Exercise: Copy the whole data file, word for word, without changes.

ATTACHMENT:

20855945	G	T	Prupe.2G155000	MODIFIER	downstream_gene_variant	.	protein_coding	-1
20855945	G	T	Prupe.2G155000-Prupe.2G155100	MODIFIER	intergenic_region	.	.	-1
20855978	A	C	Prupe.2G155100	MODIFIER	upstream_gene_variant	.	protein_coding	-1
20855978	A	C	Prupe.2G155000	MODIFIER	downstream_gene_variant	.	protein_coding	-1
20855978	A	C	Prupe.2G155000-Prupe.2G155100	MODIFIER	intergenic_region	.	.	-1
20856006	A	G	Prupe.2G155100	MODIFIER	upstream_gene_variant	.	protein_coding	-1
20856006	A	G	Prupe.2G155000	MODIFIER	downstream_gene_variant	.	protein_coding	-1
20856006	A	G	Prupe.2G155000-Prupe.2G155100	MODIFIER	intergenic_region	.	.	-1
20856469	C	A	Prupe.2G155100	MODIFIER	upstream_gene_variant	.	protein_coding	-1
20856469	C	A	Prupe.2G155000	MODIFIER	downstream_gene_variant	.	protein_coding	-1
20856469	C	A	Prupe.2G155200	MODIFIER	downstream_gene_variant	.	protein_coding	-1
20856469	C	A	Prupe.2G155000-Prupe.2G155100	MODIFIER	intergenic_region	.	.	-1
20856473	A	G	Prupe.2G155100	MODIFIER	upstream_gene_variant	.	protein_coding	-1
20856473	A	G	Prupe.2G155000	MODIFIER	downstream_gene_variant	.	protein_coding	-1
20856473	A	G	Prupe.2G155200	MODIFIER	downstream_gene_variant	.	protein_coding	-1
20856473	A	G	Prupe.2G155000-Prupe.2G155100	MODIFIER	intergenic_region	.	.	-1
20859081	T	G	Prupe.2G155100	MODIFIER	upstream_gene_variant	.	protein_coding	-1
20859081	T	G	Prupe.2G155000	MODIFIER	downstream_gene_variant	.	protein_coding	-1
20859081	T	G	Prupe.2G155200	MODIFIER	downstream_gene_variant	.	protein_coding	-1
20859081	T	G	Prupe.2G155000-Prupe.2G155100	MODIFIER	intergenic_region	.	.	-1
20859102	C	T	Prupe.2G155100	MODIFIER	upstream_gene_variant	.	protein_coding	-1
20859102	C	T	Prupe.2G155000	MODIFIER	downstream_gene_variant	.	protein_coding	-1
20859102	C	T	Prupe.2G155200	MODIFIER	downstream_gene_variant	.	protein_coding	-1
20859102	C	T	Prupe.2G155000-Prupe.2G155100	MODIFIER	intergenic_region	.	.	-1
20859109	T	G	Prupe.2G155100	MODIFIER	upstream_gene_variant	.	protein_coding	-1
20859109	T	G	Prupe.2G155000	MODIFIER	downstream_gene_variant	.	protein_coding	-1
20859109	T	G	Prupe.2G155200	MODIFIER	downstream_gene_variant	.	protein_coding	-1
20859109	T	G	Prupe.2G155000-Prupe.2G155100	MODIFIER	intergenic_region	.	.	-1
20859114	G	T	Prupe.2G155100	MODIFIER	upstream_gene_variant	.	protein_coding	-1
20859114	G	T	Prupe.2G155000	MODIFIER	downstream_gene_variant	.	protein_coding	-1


20855945	G	T	Prupe.2G155000	MODIFIER	downstream_gene_variant	.	protein_coding	-1
20855945	G	T	Prupe.2G155000-Prupe.2G155100	MODIFIER	intergenic_region	.	.	-1
20855978	A	C	Prupe.2G155100	MODIFIER	upstream_gene_variant	.	protein_coding	-1
20855978	A	C	Prupe.2G155000	MODIFIER	downstream_gene_variant	.	protein_coding	-1
20855978	A	C	Prupe.2G155000-Prupe.2G155100	MODIFIER	intergenic_region	.	.	-1
20856006	A	G	Prupe.2G155100	MODIFIER	upstream_gene_variant	.	protein_coding	-1
20856006	A	G	Prupe.2G155000	MODIFIER	downstream_gene_variant	.	protein_coding	-1
20856006	A	G	Prupe.2G155000-Prupe.2G155100	MODIFIER	intergenic_region	.	.	-1
20856469	C	A	Prupe.2G155100	MODIFIER	upstream_gene_variant	.	protein_coding	-1
20856469	C	A	Prupe.2G155000	MODIFIER	downstream_gene_variant	.	protein_coding	-1
20856469	C	A	Prupe.2G155200	MODIFIER	downstream_gene_variant	.	protein_coding	-1
20856469	C	A	Prupe.2G155000-Prupe.2G155100	MODIFIER	intergenic_region	.	.	-1
20856473	A	G	Prupe.2G155100	MODIFIER	upstream_gene_variant	.	protein_coding	-1
20856473	A	G	Prupe.2G155000	MODIFIER	downstream_gene_variant	.	protein_coding	-1
20856473	A	G	Prupe.2G155200	MODIFIER	downstream_gene_variant	.	protein_coding	-1
20856473	A	G	Prupe.2G155000-Prupe.2G155100	MODIFIER	intergenic_region	.	.	-1
20859081	T	G	Prupe.2G155100	MODIFIER	upstream_gene_variant	.	protein_coding	-1
20859081	T	G	Prupe.2G155000	MODIFIER	downstream_gene_variant	.	protein_coding	-1
20859081	T	G	Prupe.2G155200	MODIFIER	downstream_gene_variant	.	protein_coding	-1
20859081	T	G	Prupe.2G155000-Prupe.2G155100	MODIFIER	intergenic_region	.	.	-1
20859102	C	T	Prupe.2G155100	MODIFIER	upstream_gene_variant	.	protein_coding	-1
20859102	C	T	Prupe.2G155000	MODIFIER	downstream_gene_variant	.	protein_coding	-1
20859102	C	T	Prupe.2G155200	MODIFIER	downstream_gene_variant	.	protein_coding	-1
20859102	C	T	Prupe.2G155000-Prupe.2G155100	MODIFIER	intergenic_region	.	.	-1
20859109	T	G	Prupe.2G155100	MODIFIER	upstream_gene_variant	.	protein_coding	-1
20859109	T	G	Prupe.2G155000	MODIFIER	downstream_gene_variant	.	protein_coding	-1
20859109	T	G	Prupe.2G155200	MODIFIER	downstream_gene_variant	.	protein_coding	-1
20859109	T	G	Prupe.2G155000-Prupe.2G155100	MODIFIER	intergenic_region	.	.	-1
20859114	G	T	Prupe.2G155100	MODIFIER	upstream_gene_variant	.	protein_coding	-1
20859114	G	T	Prupe.2G155000	MODIFIER	downstream_gene_variant	.	protein_coding	-1